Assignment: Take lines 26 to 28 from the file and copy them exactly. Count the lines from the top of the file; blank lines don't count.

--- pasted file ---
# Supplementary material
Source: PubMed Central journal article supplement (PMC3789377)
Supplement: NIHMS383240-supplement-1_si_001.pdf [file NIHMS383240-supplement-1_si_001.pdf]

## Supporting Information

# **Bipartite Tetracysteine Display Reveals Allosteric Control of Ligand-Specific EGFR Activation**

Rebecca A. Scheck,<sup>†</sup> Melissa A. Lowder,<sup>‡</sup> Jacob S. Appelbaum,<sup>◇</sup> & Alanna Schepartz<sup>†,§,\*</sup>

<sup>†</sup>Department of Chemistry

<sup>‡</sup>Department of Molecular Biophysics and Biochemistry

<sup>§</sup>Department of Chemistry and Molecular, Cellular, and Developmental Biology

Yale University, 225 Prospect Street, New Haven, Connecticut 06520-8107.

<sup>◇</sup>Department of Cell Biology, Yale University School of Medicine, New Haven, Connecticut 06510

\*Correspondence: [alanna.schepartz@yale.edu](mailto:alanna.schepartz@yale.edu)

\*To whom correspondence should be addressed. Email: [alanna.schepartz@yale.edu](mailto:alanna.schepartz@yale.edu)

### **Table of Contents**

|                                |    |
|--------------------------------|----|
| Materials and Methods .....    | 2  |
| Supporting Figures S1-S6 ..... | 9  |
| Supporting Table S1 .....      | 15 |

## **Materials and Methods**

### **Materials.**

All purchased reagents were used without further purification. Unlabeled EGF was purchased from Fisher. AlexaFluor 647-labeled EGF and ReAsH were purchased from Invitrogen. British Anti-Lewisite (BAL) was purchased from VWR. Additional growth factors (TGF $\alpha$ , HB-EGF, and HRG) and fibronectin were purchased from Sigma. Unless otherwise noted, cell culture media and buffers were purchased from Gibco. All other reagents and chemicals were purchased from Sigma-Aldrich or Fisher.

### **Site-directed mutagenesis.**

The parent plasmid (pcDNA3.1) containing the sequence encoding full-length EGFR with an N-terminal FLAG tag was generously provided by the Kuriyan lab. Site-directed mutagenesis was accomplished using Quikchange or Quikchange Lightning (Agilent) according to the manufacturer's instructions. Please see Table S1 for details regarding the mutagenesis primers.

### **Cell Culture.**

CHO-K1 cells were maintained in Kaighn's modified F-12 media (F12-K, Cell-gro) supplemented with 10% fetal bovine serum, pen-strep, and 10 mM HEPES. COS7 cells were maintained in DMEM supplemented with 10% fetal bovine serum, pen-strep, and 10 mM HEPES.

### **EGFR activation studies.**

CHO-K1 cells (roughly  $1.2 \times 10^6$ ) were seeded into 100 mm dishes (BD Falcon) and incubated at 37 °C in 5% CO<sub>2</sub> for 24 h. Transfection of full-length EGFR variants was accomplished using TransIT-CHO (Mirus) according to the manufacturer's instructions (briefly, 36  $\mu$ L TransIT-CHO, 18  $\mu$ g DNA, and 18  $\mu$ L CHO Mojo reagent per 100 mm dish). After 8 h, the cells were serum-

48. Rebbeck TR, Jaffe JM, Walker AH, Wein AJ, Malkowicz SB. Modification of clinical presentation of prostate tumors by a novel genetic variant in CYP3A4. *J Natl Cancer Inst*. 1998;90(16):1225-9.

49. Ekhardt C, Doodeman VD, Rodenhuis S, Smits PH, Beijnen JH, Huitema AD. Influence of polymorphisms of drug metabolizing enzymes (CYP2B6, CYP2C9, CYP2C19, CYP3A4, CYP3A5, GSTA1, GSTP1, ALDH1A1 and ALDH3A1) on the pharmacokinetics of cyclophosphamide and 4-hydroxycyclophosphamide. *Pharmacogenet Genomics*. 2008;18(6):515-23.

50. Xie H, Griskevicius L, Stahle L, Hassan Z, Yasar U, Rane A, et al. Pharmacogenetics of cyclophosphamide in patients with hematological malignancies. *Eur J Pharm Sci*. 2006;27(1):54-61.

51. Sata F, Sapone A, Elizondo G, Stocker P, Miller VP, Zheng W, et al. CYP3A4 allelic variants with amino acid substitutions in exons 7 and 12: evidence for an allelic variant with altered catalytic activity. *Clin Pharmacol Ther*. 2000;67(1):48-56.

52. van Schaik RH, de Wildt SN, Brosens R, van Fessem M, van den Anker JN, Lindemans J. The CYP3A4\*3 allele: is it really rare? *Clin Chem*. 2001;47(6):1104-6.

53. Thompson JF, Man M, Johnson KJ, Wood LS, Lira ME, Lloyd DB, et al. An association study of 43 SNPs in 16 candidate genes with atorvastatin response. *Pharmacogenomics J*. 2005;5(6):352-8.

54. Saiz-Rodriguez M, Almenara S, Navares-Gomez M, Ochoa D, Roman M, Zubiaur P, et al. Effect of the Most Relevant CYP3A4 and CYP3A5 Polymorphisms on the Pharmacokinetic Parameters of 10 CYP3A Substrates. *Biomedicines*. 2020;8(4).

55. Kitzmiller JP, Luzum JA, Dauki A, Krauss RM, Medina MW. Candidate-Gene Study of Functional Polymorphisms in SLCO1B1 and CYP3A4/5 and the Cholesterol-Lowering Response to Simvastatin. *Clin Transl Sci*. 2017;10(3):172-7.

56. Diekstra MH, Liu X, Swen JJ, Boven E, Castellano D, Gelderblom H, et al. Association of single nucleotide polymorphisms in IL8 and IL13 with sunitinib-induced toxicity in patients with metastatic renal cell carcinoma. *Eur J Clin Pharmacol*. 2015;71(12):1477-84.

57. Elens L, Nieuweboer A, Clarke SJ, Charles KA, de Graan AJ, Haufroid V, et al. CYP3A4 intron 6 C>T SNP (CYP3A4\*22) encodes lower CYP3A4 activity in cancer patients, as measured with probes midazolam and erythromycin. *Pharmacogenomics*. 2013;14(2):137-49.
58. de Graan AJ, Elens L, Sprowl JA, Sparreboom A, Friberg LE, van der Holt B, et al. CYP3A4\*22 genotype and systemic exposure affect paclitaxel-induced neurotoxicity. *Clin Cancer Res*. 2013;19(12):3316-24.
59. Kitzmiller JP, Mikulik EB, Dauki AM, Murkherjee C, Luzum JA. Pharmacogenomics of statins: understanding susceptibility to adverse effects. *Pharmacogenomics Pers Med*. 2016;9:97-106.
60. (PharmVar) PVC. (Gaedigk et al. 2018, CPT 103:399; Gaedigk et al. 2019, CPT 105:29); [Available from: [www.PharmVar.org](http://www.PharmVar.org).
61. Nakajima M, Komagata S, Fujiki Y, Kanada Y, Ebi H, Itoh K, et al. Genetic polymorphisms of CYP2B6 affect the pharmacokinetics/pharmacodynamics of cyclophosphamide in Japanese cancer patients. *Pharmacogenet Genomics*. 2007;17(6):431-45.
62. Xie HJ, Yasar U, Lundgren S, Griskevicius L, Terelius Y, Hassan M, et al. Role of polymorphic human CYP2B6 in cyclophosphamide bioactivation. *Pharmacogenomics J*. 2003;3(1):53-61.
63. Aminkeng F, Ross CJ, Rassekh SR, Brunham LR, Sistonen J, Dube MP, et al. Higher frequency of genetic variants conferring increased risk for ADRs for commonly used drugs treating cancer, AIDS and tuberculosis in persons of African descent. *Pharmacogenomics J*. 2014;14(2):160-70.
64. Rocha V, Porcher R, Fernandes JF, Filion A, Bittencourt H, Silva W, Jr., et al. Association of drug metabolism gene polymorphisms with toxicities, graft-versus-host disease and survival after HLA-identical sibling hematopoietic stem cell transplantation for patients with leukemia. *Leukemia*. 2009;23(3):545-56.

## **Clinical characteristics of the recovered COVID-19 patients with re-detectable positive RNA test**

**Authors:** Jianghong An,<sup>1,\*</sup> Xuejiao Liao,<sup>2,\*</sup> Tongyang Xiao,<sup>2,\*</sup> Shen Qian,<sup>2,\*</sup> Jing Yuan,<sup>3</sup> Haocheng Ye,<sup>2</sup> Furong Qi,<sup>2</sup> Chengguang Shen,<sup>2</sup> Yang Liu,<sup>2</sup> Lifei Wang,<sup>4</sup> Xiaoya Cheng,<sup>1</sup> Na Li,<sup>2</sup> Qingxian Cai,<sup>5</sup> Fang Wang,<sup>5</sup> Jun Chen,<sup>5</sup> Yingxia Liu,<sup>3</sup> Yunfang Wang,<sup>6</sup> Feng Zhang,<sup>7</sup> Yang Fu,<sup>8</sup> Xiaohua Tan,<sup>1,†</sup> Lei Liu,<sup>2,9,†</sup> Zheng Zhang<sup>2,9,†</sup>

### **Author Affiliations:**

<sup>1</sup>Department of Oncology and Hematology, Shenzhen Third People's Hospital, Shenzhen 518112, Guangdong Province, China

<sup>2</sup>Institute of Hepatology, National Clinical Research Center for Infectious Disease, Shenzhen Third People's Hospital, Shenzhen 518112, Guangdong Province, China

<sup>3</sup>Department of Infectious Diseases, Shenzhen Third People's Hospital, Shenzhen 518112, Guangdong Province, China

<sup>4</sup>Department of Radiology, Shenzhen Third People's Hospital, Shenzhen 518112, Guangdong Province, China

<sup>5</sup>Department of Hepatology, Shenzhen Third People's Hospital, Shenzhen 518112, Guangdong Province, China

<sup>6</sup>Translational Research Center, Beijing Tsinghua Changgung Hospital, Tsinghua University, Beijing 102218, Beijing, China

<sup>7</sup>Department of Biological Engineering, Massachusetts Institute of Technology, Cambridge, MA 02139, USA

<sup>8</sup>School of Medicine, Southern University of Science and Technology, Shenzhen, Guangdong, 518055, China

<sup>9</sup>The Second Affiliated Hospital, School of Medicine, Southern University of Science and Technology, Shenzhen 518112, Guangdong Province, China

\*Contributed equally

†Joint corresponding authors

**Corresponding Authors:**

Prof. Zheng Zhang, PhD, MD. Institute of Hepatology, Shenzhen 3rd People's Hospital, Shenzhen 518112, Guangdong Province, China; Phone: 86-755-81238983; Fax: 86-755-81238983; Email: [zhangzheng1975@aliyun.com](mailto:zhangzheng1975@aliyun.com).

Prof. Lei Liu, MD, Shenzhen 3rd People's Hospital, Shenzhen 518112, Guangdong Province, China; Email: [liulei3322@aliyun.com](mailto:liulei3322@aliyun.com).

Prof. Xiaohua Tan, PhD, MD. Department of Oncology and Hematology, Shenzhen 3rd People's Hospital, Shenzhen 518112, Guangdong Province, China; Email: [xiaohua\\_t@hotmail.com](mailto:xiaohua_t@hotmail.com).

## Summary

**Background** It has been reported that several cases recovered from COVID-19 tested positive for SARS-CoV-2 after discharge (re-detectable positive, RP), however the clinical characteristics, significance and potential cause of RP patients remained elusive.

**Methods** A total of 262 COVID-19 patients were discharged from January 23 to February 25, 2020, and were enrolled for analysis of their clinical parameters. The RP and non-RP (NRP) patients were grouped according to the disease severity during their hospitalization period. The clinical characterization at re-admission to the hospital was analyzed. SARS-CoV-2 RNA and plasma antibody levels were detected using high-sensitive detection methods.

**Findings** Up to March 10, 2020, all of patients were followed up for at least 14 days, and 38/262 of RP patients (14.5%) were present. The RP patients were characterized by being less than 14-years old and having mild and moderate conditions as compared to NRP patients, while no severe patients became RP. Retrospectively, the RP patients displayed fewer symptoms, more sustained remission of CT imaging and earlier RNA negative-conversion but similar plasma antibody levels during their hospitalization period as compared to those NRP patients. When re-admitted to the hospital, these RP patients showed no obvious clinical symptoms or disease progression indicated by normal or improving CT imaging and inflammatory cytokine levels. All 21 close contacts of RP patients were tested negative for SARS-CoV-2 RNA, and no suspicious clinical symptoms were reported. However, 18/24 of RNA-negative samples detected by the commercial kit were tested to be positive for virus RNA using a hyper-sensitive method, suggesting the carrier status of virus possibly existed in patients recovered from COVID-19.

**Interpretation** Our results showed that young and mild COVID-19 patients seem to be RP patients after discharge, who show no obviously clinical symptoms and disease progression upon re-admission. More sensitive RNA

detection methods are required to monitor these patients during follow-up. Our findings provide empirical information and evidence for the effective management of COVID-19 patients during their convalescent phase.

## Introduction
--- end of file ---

CHO-K1 cells were maintained in Kaighn's modified F-12 media (F12-K, Cell-gro) supplemented with 10% fetal bovine serum, pen-strep, and 10 mM HEPES. COS7 cells were maintained in DMEM supplemented with 10% fetal bovine serum, pen-strep, and 10 mM HEPES.

### **EGFR activation studies.**

CHO-K1 cells (roughly  $1.2 \times 10^6$ ) were seeded into 100 mm dishes (BD Falcon) and incubated at 37 °C in 5% CO<sub>2</sub> for 24 h. Transfection of full-length EGFR variants was accomplished using TransIT-CHO (Mirus) according to the manufacturer's instructions (briefly, 36  $\mu$ L TransIT-CHO, 18  $\mu$ g DNA, and 18  $\mu$ L CHO Mojo reagent per 100 mm dish). After 8 h, the cells were serum-